The Cottage Smallholder

stumbling self sufficiency in a small space

Best Bread Recipes

Continental breadI mentioned that I was making bread last night. I was going to make Atomic Shrimp’s recipe (I even have the Tesco Value flour!) But at the very last fence I shied away and tried this recipe for French bread. I cut my first slice at one this morning from the loaf in the photograph. Then another as the dogs sampled a bit, drawn down to the kitchen by the warm bread smells. Delicious waistline expanding stuff.

This morning as I toasted a slice for breakfast (excellent) I made a sandwich for lunch for my lunch box. Tomato, parma ham and mozzarella (my favourite). At lunch time the bread was so filling that I couldn’t finish the sandwich and I wasn’t dreaming about banana, chocolate and cheese all afternoon. The bread was good, just as described in the recipe. Crusty, with a satisfyingly chewy yet airy bite.

Veronica’s comment, and her experiments with the Five Minute Artisan bread intrigued me. The French recipe stated that if you used dried yeast it would need far less time for the proving. Even though I slashed it by half it was a bit of a palaver. I accelerated the last rise by positioning the tray beside the slow cooker as it simmered the ingredients of twelve portions of a tasty Cottage Pie.

Perhaps the five minute artisan bread would be the answer? So this evening Jalopy purred into the supermarket car park. I bought some more dried yeast and sped home.

I followed Veronica’s link to the recipe in the New York Times and decided to start with this before trying her own version. It’s really chilly tonight so I bought the heater in from the barn, mixed the ingredients and set the bowl beside my laptop and the wafts of warmth.

Slowly the unpromising splash of four, water and yeast at the bottom of the bowl transformed into a huge pockmarked face, bulging under the tea towel.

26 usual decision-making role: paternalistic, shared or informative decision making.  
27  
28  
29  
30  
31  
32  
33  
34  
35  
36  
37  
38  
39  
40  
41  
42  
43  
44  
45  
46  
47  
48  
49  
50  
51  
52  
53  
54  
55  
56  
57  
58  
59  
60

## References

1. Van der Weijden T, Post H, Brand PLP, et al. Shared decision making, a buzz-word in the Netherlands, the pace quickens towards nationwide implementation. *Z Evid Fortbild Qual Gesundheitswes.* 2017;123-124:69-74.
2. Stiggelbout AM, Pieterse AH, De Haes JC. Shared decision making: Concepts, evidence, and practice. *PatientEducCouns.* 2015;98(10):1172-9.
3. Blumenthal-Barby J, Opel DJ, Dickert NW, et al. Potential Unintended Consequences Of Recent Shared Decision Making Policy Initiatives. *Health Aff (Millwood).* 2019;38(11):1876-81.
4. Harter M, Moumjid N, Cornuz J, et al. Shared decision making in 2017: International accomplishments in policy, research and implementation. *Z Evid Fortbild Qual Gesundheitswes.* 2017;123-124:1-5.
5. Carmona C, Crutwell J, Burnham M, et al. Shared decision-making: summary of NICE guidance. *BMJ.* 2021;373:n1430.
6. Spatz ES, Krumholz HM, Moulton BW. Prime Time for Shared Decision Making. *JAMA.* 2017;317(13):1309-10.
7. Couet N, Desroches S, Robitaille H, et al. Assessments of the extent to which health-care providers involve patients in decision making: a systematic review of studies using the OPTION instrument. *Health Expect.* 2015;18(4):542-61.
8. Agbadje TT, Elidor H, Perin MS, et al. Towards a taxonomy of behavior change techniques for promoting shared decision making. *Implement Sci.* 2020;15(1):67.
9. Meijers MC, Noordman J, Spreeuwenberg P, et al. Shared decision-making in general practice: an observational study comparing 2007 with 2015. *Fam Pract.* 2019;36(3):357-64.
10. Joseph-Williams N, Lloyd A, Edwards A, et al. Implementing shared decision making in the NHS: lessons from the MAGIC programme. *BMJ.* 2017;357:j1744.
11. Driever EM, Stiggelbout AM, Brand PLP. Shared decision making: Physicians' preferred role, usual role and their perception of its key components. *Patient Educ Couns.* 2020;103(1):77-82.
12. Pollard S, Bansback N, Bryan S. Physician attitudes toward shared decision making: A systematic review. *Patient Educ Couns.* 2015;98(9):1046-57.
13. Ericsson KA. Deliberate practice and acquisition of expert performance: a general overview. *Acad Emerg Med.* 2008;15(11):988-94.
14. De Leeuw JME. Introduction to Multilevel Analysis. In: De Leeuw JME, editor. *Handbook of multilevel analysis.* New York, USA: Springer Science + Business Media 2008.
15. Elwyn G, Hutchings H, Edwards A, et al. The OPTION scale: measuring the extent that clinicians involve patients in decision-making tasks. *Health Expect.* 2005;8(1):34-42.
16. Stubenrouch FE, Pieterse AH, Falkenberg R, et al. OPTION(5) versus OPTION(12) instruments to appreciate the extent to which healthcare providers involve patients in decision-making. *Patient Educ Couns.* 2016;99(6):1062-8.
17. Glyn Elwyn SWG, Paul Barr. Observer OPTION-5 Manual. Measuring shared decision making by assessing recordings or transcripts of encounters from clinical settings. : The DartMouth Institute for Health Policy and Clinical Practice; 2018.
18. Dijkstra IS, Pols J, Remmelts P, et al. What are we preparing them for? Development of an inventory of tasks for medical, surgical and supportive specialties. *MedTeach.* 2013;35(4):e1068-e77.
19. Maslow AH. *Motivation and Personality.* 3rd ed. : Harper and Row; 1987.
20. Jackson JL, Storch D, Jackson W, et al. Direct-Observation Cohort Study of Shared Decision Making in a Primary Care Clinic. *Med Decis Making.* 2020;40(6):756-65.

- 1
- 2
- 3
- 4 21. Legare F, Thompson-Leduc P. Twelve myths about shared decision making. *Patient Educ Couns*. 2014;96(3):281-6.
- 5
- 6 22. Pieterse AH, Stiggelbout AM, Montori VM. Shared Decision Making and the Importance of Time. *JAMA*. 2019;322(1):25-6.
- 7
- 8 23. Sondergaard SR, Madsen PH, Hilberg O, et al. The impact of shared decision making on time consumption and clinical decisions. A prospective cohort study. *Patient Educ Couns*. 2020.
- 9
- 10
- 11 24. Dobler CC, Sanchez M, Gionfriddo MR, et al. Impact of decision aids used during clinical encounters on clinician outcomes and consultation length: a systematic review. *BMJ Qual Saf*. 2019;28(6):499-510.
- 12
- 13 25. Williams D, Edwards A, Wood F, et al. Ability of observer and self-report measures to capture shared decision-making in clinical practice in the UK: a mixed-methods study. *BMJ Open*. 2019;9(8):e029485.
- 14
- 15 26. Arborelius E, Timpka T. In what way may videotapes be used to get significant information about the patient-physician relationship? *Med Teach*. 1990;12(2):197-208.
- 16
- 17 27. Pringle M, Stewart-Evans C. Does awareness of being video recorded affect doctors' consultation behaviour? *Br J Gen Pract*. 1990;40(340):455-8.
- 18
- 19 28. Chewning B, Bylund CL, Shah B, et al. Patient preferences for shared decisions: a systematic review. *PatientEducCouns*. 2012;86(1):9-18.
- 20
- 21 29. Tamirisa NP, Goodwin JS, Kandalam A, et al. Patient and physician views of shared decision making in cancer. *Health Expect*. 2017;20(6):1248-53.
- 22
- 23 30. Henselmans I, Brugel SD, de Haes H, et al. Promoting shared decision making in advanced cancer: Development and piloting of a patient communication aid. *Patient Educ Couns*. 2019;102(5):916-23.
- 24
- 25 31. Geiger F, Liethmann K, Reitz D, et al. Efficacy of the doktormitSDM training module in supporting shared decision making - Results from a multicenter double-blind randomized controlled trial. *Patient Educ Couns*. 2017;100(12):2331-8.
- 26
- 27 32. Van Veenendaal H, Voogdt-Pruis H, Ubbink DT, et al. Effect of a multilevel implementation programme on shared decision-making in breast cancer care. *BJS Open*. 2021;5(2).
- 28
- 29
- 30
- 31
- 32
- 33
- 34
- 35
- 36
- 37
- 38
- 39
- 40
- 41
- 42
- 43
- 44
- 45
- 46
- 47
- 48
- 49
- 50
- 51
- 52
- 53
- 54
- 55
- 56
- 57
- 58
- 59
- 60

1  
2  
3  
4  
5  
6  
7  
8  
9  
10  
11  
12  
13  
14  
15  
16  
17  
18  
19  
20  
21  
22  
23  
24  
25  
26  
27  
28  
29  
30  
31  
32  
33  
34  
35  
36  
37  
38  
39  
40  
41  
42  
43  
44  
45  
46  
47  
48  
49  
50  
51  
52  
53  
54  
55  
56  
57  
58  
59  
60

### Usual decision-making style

I didn’t care that this new friend is a silent companion that will live in the fridge. It entertained me all evening and I reckoned that if the bread tasted good it would be a godsend to the tribe without bread makers and not much time for kneading.

When it came to the stage of cutting off a grapefruit sized portion with a serrated knife, I twigged that something had gone wrong. I lifted the wet chewing gum mass onto a baking sheet covered with parchment. Over the next hour the bread expanded horizontally and I popped it the hot oven.

Even though the dough was clearly too wet, this method of bread making looks promising. My 12″ disk turned into a golden loaf with a thin crisp crust with a light honeycomb centre. With a bit of tweaking, this bread could be amazing.

Thanks Veronica, tonight I’m going to try your version and I’ve spotted that the book is on offer on Amazon!

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  1. ellybont

    I strugle with making bread; every thing that is possible to go wrong, has done! I go to Bath sometimes and there are a couple of wonderful bakers there and I think, one day!

    The flour seems to be part of it, currently trying Canadain flour from Waitrose and it has improves. So finger crossing time.

  2. Hi Megan,
    Regarding fresh yeast: Asda-gives it for free, you have to ask at the bread counter.
    Tesco-also ask at the bread counter.
    Sainsbury-ask at the bread counter, they will be a minimal charge, remember when asked ‘how much do you want?’, only purchase 1/4oz as you’ll get enough to make enough bread for a week!
    Personally I do prefer fresh yeast to dried, perhaps it’s just me but the dried yeast may be ‘fast acting’,no need to rise, knockback, then prove (only requires mixing,shaping,proving,bake), however I find that it always leaves a synthetic,raw,yeasty taste to the cooked bread.
    Try with the fresh yeast, it keeps well in the fridge for up to a week,the bread tastes, rises,produces a far superior bread in every way!
    Have a go…..
    Apparantly, stores don’t ‘sell’ live yeast as it’s considered ‘live’,which is why you’ll have to ask for it, silly I know, yet that’s the stores policy and why Asda give it away(no charge)
    Good luck,you’ll get to know exactly yhe correct consistency the dough should be through experience, a slow rise produces superior bread than trying to rush the process by giving the dough too much heat when rising proving.
    Enjoy your breadmaking, it’s addictive.
    Regards Odelle.

  3. Fiona Nevile

    Hi Megan

    Apparently most bakers (even in store bakers) will give you some if you ask.

    I find the ordinary dried yeast is excellent. Keep in the fridge after opening.

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